Is All Glycerin Made From Vegetables? Types & Uses

Medically Reviewed on 11/8/2021
is all glycerin made from vegetables
Not all glycerin is made from vegetables. Glycerin is a type of sugar alcohol compound that is made from either animal fats or plant fats

Not all glycerin is made from vegetables. Glycerin is a type of sugar alcohol compound that is made from either animal fats or plant fats. It can also be artificially synthesized in a lab.

What are different types of glycerin?

There are two main types of glycerin:

  • Plant-based (vegetable oil): Natural glycerin is derived from oils and fats of coconut and palm. The plant oils are subjected to a combination of pressure, temperature, and water to form glycerin. Because of its organic composition, vegetable glycerin has a texture similar to syrup. This type of glycerin is vegan and suitable for consumption.
  • Animal-based (fat): Tallow (beef or mutton fat) is combined with water and heated to a thick consistency over medium to low heat. The mixture is then chilled overnight in the refrigerator. The hardened mixture is boiled to remove excess water or strained to remove impurities.

Glycerin and vegetable glycerin are often the same. When a product label says glycerin, it usually means it is made from vegetables. This is because vegetable glycerin is the most affordable and readily available to manufacturers. 

However, to ensure that a product contains vegetable glycerin, you can check with the manufacturer.

6 common uses of vegetable glycerin

Glycerin is an odorless, colorless, viscous, nontoxic liquid that is commonly used for the following purposes:

  1. Pharmaceuticals: Glycerin has a plastic-like texture when dried, which makes it ideal for coating pills and granules. Dried glycerol is also used to reduce the particle size of a medication powder. Glycerin is commonly found in cough syrups, ointments, expectorants, anesthetics, and lozenges.
  2. Preservative: In conjunction with water or alcohol, glycerin acts as a stabilizer and auxiliary solvent.
  3. Solvent: Glycerin aids in the uniform dissolution of one chemical into another. This comes in handy when making tinctures and distributing food coloring. It is commonly used to prepare herbal mixtures because it is both sweet and a solvent.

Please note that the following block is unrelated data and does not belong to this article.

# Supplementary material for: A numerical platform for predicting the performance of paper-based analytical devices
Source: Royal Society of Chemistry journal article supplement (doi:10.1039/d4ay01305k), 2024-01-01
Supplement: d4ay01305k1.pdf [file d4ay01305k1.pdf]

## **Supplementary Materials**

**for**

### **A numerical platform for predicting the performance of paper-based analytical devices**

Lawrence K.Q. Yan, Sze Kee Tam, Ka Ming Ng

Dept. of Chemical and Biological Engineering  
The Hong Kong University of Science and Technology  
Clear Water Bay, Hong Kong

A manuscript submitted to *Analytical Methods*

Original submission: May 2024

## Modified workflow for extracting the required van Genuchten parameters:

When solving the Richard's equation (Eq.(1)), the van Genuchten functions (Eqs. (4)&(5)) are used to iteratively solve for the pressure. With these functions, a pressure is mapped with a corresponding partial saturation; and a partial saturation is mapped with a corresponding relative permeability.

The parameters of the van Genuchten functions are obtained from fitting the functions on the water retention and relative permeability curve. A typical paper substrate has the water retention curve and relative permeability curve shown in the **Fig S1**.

4. Humectant: Glycerin's humectant and emollient properties make it useful for transferring moisture from one substance to another. It prevents ointments and lotions from drying out.
  5. Foods: Glycerin helps preserve moisture, prevents sugar crystallization, and adds bulk, smoothness, softness, sweetness, and texture to a range of foods and beverages. Glycerol gives the product its smooth, thick texture. 
  6. Skincare: Glycerin is an essential ingredient in many homemade skincare products, such as soaps, moisturizers, lotions, and masks. Glycerin has several evidence-backed uses, particularly for skin disorders such as dermatitis. It is used in salves and other skin balms because it helps retain moisture, softens skin, and aids in wound healing while allowing the skin to breathe.


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How safe is glycerin to ingest?

The FDA has certified the safety of glycerin to use in foods. When glycerin is ingested, it is absorbed quickly and completely in the small intestine. 

Glycerin is not a necessary part of a balanced diet, but it has not been shown to be harmful to human health when consumed in large amounts. As a result, no safe daily amount has been determined. Large doses of glycerin taken at once, however, may cause:

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Medically Reviewed on 11/8/2021
Image Source: Carol Yepes / Getty Images

WebMD. Glycerin Liquid - Uses, Side Effects.

National Center for Biotechnology Information. PubChem Compound Summary for CID 753, Glycerol. Accessed Nov. 2, 2021.

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The Soap and Detergent Association. Glycerine: an overview.